He was born in Malerkotla, Punjab. His film credits include “The Man Who Would Be King” (1975), “Shatranj Ke Khiladi” (1977), “Gandhi” (1982), “A Passage to India” (1965 BBC version and 1984 film) and “My Beautiful Laundrette” (1985).
He has also appeared in many Bollywood films in the 1980s and 1990s. For television he has starred in “Gangsters” (1975-1978), “The Jewel in the Crown” (1984),”Tandoori Nights” (1985-1987) and “Little Napoleons” (1994).
Saeed Jaffrey is one of Britain’s best known and most experienced actors, playing a wide variety of roles in comedy and drama with equal enthusiasm.He went to St. George’s College, Mussoorie and started his career by setting up his theatre company called Unity Theatre, at New Delhi.
His early theatrical work included roles in productions of Tennessee Williams, Christopher Fry, Wilde, and Shakespeare. He did his studies at the Royal Academy of Dramatic Art in London and went to the United States on a Fulbright scholarship, where he took a second post-graduate degree in drama from “The Catholic University of America”.
From these firm foundations Jaffrey set out as the first Indian actor to tour Shakespeare, taking his company across the United States and subsequendy joining the Actor’s Studio in New York, where he played the lead in off-Broadway productions of Lorca’s Blood Wedding, Rashomon, and Twelfth Night. Jaffrey is an accomplished stage actor and has appeared on Broadway and at London’s West End in a diverse range of characterizations.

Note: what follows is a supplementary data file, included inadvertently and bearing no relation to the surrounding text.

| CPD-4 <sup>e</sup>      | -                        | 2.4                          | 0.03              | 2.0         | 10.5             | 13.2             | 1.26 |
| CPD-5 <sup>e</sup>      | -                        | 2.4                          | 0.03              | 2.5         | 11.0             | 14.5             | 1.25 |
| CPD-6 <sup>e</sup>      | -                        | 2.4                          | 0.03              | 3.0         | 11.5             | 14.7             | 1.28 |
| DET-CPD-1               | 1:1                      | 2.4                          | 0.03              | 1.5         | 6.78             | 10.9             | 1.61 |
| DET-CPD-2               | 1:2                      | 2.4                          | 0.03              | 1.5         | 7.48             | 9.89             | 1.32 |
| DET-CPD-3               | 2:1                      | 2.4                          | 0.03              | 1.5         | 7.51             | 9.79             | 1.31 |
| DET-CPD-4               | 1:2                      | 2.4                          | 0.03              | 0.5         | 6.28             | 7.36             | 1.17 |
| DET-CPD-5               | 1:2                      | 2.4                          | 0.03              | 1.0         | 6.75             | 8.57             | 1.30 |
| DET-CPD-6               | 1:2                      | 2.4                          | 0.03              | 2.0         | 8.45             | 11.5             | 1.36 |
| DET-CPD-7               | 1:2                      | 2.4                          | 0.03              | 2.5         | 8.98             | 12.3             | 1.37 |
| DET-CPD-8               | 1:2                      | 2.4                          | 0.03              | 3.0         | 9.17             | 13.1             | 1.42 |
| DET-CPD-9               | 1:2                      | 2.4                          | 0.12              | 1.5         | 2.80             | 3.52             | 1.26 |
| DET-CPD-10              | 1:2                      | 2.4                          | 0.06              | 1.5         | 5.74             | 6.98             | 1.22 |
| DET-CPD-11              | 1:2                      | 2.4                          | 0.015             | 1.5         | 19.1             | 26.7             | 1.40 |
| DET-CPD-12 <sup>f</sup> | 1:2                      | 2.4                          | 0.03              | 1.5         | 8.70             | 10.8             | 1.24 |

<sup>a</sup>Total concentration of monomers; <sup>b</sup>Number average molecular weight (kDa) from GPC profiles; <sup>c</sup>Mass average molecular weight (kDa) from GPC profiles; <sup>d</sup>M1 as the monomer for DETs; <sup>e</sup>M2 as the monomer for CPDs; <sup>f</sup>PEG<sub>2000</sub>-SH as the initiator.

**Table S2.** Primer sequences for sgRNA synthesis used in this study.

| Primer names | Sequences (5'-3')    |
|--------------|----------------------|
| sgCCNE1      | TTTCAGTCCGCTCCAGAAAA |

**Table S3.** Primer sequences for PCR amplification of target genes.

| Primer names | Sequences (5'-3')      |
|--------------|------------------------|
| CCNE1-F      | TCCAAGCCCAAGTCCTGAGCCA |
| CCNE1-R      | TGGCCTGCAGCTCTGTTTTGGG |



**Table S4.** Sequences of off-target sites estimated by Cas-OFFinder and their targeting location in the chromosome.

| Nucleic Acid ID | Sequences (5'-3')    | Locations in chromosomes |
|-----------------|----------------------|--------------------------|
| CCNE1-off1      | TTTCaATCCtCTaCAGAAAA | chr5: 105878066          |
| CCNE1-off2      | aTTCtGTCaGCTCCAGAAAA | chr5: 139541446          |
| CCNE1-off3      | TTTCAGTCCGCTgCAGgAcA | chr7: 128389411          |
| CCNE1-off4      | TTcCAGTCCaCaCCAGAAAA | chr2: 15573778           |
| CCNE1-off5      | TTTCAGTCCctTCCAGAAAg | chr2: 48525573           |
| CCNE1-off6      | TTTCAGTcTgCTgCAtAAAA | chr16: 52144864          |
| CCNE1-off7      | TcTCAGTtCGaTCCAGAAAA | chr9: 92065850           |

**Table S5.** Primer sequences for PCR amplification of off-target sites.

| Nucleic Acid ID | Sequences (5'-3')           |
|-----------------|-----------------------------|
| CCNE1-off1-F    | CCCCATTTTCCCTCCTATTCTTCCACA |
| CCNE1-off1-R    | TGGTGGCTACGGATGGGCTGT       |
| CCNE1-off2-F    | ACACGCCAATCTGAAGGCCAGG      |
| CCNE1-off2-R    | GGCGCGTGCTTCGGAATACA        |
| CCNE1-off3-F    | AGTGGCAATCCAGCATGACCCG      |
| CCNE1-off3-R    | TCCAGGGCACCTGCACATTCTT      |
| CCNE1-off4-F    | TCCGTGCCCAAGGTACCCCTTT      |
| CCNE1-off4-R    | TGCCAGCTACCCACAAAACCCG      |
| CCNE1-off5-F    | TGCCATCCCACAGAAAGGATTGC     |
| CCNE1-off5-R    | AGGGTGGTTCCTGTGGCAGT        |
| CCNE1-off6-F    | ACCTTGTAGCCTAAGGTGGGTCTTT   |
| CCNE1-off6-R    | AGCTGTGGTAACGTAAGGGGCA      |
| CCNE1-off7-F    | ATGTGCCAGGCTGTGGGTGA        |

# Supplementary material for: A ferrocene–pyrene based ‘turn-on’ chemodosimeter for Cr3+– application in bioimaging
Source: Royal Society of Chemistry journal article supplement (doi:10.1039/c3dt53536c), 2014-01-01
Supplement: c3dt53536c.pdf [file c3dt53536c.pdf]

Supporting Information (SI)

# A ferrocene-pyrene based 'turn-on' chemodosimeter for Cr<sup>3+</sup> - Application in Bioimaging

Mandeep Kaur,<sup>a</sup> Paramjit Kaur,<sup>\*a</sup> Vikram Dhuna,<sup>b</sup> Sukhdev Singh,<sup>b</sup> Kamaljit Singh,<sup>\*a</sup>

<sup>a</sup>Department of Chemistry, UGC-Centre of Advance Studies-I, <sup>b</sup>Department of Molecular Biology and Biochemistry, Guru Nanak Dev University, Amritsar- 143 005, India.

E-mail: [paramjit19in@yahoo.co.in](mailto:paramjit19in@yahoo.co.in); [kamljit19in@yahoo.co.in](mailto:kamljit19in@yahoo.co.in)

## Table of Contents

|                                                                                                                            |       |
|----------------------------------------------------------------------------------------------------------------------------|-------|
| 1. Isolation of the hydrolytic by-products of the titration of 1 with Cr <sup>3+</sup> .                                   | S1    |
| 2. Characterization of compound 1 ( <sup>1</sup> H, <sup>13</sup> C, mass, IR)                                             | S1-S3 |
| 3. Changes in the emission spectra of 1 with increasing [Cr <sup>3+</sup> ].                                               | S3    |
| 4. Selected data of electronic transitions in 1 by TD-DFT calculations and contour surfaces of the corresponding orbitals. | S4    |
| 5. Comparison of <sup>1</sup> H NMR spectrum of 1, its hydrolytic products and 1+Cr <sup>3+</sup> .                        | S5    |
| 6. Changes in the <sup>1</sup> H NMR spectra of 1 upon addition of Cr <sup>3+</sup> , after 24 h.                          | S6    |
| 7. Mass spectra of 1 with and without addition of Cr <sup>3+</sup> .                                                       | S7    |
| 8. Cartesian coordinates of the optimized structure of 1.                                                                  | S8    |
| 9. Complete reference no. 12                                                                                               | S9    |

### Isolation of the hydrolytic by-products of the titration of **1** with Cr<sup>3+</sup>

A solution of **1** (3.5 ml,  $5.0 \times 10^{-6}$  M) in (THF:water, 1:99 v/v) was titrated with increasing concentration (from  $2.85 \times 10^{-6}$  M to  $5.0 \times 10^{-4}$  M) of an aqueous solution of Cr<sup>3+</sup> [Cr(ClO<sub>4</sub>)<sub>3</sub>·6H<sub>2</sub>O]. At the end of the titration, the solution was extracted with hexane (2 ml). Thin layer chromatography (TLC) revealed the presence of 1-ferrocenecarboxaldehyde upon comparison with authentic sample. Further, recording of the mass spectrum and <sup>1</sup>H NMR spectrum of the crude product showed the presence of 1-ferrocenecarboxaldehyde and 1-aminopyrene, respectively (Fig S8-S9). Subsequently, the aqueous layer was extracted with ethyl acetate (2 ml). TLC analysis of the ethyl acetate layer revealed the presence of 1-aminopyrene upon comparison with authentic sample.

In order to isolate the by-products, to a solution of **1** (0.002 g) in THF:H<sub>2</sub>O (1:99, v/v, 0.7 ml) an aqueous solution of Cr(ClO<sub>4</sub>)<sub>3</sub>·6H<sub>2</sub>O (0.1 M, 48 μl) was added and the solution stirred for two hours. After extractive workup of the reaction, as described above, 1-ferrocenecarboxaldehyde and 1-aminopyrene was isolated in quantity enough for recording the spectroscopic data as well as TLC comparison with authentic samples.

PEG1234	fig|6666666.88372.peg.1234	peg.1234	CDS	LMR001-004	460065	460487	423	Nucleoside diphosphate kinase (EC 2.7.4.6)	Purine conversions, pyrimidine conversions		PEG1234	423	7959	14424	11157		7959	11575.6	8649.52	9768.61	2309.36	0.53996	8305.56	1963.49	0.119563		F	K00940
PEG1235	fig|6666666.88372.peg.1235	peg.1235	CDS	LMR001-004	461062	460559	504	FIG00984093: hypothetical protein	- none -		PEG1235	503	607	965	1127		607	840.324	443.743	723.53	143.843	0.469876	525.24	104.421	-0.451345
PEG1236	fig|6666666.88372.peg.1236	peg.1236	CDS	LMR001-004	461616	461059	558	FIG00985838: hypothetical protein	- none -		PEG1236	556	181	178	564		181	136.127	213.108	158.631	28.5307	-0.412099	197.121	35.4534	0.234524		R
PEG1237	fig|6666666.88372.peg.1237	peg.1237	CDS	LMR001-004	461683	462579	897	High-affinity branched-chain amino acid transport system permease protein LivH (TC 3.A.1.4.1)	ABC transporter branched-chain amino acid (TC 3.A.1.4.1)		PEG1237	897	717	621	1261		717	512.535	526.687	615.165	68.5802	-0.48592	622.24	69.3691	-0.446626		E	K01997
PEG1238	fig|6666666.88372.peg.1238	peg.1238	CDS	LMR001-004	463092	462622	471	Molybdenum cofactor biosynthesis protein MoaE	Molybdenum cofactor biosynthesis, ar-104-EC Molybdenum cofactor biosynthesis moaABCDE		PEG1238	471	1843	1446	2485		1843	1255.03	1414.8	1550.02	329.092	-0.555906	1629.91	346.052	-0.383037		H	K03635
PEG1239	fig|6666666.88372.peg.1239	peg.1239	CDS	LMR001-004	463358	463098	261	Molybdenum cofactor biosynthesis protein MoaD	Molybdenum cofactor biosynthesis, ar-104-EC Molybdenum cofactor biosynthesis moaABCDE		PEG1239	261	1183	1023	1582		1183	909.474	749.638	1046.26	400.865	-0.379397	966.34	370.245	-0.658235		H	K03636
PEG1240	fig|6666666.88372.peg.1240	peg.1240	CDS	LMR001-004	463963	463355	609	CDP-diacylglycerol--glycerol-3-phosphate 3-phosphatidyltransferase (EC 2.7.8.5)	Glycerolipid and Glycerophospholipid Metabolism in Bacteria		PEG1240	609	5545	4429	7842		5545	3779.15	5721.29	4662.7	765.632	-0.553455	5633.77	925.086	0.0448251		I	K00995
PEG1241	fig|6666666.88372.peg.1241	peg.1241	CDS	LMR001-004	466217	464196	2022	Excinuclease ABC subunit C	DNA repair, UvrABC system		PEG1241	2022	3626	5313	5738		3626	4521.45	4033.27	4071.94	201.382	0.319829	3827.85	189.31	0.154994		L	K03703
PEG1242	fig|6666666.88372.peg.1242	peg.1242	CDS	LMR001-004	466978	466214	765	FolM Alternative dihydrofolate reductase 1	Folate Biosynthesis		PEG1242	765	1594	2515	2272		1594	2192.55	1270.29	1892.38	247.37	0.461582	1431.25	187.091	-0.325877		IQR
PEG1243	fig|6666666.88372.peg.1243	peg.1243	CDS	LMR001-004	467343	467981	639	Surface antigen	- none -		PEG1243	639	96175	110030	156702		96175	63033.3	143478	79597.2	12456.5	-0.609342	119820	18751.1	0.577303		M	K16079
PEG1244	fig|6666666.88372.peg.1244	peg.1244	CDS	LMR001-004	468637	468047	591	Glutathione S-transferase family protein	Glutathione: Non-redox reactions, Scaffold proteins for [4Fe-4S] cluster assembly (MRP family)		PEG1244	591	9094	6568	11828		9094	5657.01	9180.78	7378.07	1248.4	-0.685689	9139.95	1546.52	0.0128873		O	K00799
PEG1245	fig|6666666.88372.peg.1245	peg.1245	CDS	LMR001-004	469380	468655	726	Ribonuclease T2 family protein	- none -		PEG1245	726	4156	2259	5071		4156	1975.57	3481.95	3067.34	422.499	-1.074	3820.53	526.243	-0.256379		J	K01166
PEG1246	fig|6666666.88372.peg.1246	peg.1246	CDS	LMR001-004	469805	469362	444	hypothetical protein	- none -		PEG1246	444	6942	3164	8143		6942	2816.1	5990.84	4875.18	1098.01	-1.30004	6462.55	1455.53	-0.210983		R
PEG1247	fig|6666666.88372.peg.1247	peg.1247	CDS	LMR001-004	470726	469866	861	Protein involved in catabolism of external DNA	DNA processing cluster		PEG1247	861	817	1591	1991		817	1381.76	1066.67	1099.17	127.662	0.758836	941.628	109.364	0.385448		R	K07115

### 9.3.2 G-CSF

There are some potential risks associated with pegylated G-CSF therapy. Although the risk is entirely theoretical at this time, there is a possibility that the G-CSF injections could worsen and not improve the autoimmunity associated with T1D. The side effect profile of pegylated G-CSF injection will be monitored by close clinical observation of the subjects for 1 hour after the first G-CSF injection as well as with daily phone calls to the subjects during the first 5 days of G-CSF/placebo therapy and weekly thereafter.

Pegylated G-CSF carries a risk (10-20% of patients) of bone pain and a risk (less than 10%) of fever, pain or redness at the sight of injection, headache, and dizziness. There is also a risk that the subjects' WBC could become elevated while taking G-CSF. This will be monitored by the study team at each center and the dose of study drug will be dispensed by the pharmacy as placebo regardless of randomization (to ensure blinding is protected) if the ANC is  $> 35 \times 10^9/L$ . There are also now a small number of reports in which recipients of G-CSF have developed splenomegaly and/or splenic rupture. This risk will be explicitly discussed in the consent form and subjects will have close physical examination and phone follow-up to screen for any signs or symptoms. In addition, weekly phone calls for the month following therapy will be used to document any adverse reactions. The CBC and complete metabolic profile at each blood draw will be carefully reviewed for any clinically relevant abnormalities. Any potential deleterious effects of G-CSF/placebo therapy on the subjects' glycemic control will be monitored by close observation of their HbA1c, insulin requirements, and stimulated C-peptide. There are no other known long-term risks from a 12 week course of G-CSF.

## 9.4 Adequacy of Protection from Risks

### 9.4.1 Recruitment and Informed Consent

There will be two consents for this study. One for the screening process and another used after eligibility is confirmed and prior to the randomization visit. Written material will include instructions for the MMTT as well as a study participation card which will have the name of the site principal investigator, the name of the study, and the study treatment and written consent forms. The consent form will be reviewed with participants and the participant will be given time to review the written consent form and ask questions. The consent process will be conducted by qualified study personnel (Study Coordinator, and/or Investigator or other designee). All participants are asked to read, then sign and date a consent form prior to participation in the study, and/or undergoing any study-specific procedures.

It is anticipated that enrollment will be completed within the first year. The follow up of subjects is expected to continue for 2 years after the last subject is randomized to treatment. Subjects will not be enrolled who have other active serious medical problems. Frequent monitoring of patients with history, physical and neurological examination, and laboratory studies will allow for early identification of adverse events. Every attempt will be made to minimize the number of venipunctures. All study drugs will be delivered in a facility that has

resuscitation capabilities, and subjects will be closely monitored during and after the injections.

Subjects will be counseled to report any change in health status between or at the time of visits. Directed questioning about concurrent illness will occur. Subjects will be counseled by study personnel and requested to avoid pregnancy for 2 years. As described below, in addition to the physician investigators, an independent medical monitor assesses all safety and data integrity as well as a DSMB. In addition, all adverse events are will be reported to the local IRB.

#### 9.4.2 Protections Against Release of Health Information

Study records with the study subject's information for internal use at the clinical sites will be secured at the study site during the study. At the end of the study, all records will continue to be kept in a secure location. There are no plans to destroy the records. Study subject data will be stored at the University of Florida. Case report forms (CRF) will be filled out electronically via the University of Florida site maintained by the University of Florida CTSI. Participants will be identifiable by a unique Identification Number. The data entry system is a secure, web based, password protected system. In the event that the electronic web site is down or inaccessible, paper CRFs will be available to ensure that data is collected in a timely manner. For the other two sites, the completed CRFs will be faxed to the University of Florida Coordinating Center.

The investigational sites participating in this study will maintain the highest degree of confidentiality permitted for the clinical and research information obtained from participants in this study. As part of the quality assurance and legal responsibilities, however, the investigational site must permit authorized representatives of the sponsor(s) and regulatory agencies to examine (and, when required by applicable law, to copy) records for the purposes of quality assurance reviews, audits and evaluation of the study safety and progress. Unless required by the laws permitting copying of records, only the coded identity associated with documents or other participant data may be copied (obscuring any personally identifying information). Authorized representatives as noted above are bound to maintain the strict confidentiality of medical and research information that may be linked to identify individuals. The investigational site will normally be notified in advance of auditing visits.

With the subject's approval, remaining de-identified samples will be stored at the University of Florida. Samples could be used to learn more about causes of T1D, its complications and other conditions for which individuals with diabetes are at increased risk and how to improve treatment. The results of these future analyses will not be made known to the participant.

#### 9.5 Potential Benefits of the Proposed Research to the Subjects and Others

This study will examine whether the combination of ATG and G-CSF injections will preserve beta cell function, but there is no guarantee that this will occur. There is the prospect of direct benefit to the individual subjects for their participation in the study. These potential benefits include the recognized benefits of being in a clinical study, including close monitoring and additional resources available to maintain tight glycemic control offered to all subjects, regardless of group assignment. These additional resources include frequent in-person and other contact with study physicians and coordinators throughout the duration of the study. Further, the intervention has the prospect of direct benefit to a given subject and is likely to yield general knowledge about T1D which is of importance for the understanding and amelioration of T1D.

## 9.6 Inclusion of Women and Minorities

His work in television has been just as varied. He appeared as Jimmy Sharma in Channel 4’s first “Asian” comedy, Tandoori Nights and as the elegiac Nawab in Granada Television adaptation of The Jewel in the Crown. It was arguably his performance as the smooth Rafiq in the BBC cult-classic Gangsters that brought him to national recognition, even though he had been acting in both theatre and television for several years previously.
In some ways, Jaffrey’s character types have been broadly similar and like Clint Eastwood, he always plays himself playing a character. His impeccable English accent, his dapper style and his catch-phrases-“My dear boy”-are part of his acting persona. His smooth charm is used to good effect whether he plays the archetypal oily, corrupt Asian businessman or the kindly, knowing father figure.
In 1994 he co-starred with Norman Beaton in Michael Abbensett’s new TV series, Little Napoleons, for Channel 4, playing once again a successful lawyer-cashmere coats, flashy car, doting daughter-who wants political as well as economic power.
He has also served as the Radio Director(1951-1956) for All India Radio and Director of Publicity and Advertising at Government of India Tourist Office, U.S (1958-1960).
Jaffrey’s career has spanned several decades and is one of a handful of Indian actors who is regularly in employment, be it for radio, television, or the stage.